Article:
(1172) Motacilla maderaspatensis Gmelin.
THE LARGE PIED WAGTAIL.
Motacilla lugubris maderaspatensis, Fauna B. I., Birds, 2nd ed, vol. iii, p. 263.
Motacilla maderaspatensis, ibid. vol. viii, p. 660.
This fine Wagtail is found over practically the whole of India, from Ceylon to an elevation of at least 4,000 feet in the Himalayas, and from Bombay and the Punjab in the West to Western Bengal and Bihar in the East. It does not appear to breed in Sind, unless casually, nor does it occur in the East as far as Eastern Bengal, though it breeds quite commonly in Bihar.
This is one of our Indian birds which was as well known in Hume’s time as it is now. It is a most familiar little bird and seems to seek rather than avoid humanity. There is little one can add to Hume’s summary of its breeding habits. He writes :—“They always nest in the neighbourhood of water, but, with this sole reservation, they place their nests almost anywhere. These may be found in holes in banks, crevices in rocks, under stones, under clods of earth, amongst the timber of bridges, in drains, holes in walls, on roofs, and in fact anywhere except on shrubs or bushes. The nests are always down on something solid, and that is about all that can be said.
“In the middle of the River Jumna, at Agra, there is an iron buoy attached to the pontoon bridge, which is surmounted by an iron ring, and in this ring for successive seasons a pair of Pied. Wagtails nested, within 5 yards of the roadway and in full view of the thousands of passengers who daily cross the bridge. In the Chumbal, a little above its junction with the Jumna, a pair built in the clumsy old-ferry boat which was but seldom used, and when the female was sitting she allowed herself to be ferried backwards and forwards, the male all the while sitting on the gunwale singing, making from time to time short jerky flights over the water and returning fearlessly to his post.
“In this latter ease the nest was nothing but one of those small circular ring-pads, say 4 inches in external diameter, and an inch thick at the circumference, which the women place on their heads to enable them to carry steadily their round-bottomed earthen water-vessels ; a dozen tiny soft blades of grass had been laid across the central hole, and on these, of course bending them down to the surface of the massive boat-knee on which the pad had accidentally been left lying, the egga were laid.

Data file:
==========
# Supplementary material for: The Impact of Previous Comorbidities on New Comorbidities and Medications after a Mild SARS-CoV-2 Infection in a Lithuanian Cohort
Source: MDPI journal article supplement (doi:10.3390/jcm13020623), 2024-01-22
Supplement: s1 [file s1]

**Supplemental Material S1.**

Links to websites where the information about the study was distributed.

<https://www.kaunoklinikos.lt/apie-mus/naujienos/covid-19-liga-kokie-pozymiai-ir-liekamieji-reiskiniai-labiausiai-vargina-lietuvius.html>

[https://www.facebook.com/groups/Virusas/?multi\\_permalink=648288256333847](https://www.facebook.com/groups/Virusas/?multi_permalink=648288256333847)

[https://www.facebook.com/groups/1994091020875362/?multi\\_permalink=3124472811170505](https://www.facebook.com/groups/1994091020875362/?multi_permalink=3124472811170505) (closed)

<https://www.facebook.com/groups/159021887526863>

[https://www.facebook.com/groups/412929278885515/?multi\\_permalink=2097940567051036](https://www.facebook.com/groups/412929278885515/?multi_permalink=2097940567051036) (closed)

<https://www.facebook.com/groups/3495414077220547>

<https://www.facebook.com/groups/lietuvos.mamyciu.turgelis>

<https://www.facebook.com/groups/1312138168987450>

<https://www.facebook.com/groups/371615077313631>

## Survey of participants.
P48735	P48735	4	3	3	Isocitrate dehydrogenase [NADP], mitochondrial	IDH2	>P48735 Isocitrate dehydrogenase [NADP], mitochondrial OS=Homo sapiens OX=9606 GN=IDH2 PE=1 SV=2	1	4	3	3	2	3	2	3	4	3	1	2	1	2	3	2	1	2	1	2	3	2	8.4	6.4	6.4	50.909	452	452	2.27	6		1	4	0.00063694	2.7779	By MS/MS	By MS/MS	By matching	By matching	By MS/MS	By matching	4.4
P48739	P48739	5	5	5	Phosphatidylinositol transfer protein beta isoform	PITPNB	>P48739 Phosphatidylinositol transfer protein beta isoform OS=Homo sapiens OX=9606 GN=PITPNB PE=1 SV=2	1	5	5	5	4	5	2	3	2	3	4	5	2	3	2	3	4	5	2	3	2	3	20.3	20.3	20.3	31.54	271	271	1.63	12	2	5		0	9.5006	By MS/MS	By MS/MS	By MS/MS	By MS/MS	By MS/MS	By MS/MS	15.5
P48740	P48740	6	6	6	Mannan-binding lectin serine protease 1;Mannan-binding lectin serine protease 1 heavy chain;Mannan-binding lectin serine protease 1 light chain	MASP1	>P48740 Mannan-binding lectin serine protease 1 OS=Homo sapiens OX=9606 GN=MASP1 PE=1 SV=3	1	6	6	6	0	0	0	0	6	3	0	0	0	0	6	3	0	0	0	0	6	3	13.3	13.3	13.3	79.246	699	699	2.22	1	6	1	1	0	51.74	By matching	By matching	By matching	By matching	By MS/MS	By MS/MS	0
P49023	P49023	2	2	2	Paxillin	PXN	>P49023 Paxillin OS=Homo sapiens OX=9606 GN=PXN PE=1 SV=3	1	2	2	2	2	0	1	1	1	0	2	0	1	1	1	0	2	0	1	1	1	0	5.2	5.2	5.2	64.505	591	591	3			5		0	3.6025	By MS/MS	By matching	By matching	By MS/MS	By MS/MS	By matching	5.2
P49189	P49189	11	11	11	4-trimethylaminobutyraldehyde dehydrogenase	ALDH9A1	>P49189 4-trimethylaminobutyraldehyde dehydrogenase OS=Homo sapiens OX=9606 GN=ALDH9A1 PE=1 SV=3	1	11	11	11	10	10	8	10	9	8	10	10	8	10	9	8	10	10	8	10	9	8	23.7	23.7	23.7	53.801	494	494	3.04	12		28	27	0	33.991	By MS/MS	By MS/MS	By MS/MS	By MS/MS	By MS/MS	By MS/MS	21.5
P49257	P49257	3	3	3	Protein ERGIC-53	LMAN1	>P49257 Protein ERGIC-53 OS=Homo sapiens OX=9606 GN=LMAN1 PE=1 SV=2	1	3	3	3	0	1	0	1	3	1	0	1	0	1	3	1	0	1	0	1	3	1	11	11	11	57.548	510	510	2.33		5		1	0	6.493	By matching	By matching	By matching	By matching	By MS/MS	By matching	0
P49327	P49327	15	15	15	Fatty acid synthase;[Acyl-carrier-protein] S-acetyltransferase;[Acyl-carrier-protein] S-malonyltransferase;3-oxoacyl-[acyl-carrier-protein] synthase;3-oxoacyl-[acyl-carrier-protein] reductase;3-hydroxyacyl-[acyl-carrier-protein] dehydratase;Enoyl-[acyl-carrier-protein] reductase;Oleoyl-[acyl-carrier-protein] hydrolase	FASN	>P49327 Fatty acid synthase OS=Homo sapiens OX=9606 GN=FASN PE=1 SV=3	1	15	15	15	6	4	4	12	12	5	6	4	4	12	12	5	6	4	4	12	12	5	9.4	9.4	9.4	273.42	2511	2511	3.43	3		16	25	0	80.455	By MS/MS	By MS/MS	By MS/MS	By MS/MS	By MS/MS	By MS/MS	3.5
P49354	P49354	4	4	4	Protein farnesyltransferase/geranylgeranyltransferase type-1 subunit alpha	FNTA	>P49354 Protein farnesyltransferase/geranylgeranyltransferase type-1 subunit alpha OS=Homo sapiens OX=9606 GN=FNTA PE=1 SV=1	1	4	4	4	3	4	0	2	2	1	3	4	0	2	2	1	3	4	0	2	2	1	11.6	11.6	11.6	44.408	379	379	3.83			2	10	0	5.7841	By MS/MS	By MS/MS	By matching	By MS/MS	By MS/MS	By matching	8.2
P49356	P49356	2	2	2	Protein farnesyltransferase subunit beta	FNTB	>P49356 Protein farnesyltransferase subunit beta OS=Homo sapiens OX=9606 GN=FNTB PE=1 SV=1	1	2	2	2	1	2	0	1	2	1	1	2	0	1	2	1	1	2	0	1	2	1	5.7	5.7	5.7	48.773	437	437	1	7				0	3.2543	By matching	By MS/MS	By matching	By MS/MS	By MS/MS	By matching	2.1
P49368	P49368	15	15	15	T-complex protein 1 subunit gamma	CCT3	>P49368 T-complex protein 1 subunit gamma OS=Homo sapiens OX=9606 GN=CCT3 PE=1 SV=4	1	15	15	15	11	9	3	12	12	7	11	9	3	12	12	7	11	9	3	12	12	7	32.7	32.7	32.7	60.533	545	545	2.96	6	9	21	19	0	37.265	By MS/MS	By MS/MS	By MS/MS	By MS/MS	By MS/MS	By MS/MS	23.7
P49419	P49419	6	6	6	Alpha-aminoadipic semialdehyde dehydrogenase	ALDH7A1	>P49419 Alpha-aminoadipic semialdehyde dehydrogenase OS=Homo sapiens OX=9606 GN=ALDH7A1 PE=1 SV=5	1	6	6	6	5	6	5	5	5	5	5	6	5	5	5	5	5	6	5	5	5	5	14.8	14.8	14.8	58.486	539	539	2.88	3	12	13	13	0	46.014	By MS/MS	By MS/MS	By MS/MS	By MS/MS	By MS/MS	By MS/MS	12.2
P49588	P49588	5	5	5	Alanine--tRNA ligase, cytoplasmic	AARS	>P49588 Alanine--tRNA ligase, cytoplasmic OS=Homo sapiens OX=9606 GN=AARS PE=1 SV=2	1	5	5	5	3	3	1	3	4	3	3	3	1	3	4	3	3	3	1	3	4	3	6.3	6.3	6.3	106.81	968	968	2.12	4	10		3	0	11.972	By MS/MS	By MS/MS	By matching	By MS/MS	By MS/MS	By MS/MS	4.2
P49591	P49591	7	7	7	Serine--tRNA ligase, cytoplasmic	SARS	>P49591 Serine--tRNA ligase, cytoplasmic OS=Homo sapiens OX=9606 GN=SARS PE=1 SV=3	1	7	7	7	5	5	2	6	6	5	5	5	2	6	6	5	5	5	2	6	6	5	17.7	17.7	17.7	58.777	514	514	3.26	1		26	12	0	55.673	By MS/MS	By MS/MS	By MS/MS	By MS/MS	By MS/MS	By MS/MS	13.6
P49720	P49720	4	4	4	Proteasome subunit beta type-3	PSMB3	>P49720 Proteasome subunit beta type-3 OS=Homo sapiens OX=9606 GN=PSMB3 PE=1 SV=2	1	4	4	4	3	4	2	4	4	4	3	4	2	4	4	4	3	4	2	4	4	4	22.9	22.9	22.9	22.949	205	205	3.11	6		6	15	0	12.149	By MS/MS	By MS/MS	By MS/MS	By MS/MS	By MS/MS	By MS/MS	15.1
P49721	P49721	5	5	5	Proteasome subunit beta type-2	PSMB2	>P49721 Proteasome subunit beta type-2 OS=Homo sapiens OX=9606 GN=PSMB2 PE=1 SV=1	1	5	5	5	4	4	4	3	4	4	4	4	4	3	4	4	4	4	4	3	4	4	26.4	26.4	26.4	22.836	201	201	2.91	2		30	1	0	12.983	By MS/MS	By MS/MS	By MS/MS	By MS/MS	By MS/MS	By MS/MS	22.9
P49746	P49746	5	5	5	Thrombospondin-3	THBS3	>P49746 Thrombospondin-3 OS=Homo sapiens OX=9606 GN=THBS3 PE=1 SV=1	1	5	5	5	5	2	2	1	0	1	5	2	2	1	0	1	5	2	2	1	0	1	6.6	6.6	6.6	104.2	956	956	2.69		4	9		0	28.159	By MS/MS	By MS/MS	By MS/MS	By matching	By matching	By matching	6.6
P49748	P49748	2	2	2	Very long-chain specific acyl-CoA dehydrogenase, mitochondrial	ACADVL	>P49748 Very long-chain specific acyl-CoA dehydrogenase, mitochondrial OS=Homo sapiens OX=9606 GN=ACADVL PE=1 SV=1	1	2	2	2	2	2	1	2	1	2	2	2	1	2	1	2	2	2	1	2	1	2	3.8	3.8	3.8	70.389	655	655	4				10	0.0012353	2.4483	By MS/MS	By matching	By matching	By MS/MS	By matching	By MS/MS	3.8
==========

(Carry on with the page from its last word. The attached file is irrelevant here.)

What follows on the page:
“The character and materials of the nest are quite as various as are the situations in which it is placed ; as to character it varies from nothing (for they will lay in a tiny depression on the bare, earth) up to a neat well-formed saucer or cup ; as to the materials, nothing tolerably soft seems to come amiss to them ; fine twigs, grass-roots, wool, feathers, horse-, cow and human hair ; string, coir, rags, and all kinds of vegetable fibers seem to be indifferently used.”
Among other curious places recorded by other collectors as sites for the nest may be noted the following :—
“In the Saharunpore District on the flat roofs of the canal chokies, or in the small ventilating holes in the wall” (G, F. L. Marshall).
“At Futtegurh their favourite place seems to be the bridge of boats. The nest is usually built inside a ‘pigeon-hole’ either at the stem or bow of a boat” (A. Anderson).
Many nests have been reported as having been built in holes in walls of wells, sometimes at considerable depths.
In Poona E, Aitken “found a nest on the. 17th April on one of the barrels of the boat-club floats.” This was in the late sixties of 1800, and curiously enough on the 4th April, 1923, Mr, T. R. O’Donnell also took a neat of this Pied Wagtail "on a barrel of the raft at the boat-club in Poona.”
Betham, it should be added, found them breeding at Poona in more normal situations, “building solid compact nests, usually well concealed, under boulders and atones in the small islands which abound in the river.”
As regards the size of the nest, all that can be said is that in most cases the inner cup is a neat, fairly well finished-off structure some 3 to 4 inches in diameter and from 1 to 1.1/2 inch in depth. The outer dimensions may be anything. Mr, D. F. S. McArthur sent me one clutch of eggs of which the nest was "a pile of dead leaves, possibly wind-blown, a couple of feet across, with a depression at the top lined with wool and hair” ; on the other hand it may be, as Hume has said, not measurable or non-existent.
The normal breeding season is March, April and May, but a few birds also breed in February and June, while in September Betham found fresh eggs at Poona and Butler took a neat at Aboo. Carter, writing from the banks of the Cauvery, informed Hume that he had taken eggs in December and January.
Four is the number of eggs commonly laid, three occasionally and five very rarely.
In shape they are broad ovals, sometimes a little compressed at the smaller end, but seldom really pointed.
They are of the White and Pied Wagtail type but as a series run very dark and rather brown, while an occasional clutch may be definitely of this colour. The ground is a pale grey, a few clutches having this tinged with buff or green, and the numerous markings are tiny blotches rather than stippling, the eggs seldom, if ever, appearing unicoloured. The markings, also, are generally more numerous at the larger end, where they occasionally form rings or caps.
One hundred eggs average 21.9 x 16.2 mm. : maxima 23.9 x 16.5 and 23.1 x 17.3 mm. ; minima 20.4 x 15.9 and 22.3 x 15.1 mm.
The texture is, as usual, glossless.
Both birds help in building the nest, but the female alone carries on incubation, the male generally keeping close to the nest and often sitting on some prominent stone or other perch close to it.
1172. Motacilla maderaspatensis
(1172) Motacilla maderaspatensis Gmelin.